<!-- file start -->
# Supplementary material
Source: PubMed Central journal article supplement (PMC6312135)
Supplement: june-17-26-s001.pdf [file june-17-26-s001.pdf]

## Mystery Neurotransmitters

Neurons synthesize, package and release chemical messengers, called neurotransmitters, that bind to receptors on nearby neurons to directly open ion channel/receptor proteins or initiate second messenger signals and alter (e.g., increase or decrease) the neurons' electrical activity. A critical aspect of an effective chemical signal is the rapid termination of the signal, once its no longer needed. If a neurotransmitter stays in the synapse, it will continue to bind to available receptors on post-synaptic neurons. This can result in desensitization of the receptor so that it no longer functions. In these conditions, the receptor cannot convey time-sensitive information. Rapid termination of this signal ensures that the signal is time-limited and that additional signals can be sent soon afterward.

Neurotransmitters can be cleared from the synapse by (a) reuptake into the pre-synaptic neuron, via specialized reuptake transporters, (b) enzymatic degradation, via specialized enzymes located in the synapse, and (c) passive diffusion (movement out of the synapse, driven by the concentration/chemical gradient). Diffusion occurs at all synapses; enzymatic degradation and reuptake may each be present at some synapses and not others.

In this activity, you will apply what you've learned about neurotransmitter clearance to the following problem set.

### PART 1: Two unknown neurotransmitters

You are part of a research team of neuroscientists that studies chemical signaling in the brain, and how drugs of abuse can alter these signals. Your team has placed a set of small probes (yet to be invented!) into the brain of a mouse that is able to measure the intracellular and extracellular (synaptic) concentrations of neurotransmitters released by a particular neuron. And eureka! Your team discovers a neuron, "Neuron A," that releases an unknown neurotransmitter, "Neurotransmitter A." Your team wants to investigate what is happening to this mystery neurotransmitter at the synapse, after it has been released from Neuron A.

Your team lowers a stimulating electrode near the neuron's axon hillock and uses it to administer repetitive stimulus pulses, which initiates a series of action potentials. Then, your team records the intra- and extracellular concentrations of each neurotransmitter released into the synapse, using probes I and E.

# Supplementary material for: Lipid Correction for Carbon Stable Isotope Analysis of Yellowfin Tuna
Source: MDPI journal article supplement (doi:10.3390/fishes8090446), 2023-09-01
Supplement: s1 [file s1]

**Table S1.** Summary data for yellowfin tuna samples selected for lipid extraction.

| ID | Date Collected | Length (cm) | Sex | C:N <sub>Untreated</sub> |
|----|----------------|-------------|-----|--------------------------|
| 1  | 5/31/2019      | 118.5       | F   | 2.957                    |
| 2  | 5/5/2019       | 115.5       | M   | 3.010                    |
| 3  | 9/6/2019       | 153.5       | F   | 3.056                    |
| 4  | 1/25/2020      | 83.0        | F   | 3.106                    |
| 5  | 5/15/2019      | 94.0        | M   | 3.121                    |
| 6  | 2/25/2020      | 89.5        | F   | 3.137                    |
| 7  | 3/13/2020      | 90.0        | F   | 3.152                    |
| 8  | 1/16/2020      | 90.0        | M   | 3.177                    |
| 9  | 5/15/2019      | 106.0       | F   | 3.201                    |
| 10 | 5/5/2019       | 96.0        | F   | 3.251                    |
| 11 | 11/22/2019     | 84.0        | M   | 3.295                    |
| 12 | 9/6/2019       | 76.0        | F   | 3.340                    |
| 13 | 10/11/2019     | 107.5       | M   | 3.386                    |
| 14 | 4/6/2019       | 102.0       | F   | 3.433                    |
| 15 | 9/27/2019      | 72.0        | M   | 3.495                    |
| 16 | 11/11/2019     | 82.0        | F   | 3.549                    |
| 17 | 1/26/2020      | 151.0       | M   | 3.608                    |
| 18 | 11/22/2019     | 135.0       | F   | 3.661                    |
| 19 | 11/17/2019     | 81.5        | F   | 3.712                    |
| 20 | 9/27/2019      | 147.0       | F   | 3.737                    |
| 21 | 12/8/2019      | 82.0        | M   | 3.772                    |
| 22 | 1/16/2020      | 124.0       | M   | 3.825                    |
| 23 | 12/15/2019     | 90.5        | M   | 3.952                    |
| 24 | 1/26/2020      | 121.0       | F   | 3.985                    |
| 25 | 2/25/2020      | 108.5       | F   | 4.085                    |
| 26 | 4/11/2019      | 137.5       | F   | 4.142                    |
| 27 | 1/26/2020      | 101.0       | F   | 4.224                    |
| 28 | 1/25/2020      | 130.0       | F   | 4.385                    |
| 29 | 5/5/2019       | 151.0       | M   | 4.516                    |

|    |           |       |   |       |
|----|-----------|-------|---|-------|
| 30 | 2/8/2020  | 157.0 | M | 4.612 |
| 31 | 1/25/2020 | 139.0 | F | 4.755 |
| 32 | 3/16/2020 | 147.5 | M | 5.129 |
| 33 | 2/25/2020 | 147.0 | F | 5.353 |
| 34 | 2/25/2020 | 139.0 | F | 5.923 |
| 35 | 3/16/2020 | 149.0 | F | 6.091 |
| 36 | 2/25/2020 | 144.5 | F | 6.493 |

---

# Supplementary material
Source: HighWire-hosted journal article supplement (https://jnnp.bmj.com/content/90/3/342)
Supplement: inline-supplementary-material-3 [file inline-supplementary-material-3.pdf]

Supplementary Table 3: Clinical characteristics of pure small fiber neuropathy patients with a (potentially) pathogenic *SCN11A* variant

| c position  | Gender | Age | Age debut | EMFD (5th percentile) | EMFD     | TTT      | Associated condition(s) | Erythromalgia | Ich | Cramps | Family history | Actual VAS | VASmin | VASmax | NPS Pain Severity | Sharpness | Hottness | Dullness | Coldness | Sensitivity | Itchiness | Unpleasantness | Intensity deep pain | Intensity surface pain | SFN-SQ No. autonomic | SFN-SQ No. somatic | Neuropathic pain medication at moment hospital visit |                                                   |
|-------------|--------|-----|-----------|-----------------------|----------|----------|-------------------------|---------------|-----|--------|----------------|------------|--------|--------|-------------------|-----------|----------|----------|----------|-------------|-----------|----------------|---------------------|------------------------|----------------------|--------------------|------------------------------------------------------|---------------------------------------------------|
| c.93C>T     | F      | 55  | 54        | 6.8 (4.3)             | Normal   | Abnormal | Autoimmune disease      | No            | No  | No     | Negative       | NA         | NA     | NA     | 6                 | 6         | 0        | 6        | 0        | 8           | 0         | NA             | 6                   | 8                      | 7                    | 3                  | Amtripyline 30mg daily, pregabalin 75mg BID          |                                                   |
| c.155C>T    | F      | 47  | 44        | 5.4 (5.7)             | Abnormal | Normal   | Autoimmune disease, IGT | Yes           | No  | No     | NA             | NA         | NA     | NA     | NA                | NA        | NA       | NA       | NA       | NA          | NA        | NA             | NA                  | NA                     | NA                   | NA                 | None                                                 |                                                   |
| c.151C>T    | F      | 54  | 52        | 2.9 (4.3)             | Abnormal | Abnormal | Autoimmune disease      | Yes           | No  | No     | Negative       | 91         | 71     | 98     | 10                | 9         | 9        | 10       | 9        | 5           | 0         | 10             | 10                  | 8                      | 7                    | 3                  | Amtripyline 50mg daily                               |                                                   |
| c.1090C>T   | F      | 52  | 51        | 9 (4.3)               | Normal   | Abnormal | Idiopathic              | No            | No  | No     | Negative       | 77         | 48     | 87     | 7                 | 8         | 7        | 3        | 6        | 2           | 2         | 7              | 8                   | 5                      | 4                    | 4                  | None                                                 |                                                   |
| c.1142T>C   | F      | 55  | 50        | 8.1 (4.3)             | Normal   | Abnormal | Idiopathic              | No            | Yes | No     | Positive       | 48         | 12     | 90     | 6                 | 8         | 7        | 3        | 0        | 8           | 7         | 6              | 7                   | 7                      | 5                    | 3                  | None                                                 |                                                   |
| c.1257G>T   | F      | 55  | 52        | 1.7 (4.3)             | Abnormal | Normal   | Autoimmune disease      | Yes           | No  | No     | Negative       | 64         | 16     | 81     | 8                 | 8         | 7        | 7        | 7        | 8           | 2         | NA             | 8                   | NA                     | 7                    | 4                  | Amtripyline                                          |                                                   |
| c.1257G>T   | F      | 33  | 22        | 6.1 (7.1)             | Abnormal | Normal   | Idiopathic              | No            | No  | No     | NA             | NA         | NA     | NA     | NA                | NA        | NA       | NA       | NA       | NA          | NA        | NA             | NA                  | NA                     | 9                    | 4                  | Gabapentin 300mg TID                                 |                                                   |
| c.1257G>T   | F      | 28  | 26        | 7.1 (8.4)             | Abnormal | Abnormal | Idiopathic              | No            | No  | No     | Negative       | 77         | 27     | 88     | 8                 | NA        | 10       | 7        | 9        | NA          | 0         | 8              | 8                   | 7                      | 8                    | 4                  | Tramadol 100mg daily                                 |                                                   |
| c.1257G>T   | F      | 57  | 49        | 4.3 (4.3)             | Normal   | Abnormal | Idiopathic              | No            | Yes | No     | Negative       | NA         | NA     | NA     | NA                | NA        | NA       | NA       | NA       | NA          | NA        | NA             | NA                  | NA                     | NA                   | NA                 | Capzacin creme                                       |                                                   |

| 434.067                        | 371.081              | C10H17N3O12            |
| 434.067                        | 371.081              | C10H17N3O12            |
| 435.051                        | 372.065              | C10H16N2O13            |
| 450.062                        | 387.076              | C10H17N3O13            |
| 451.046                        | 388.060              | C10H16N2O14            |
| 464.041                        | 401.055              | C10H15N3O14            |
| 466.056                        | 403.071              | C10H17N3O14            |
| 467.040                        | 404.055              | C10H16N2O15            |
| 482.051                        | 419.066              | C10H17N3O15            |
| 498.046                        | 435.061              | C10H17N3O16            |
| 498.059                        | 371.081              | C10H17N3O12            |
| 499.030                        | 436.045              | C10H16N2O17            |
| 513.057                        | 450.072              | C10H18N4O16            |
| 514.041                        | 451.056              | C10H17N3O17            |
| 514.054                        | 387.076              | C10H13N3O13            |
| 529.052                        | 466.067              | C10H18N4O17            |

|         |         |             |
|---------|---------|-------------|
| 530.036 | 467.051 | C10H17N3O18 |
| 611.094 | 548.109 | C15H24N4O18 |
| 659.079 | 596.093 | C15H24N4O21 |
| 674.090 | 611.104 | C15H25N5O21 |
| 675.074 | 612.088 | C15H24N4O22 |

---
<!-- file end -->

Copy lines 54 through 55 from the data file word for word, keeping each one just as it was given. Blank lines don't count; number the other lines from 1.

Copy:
| 36 | 2/25/2020 | 144.5 | F | 6.493 |

---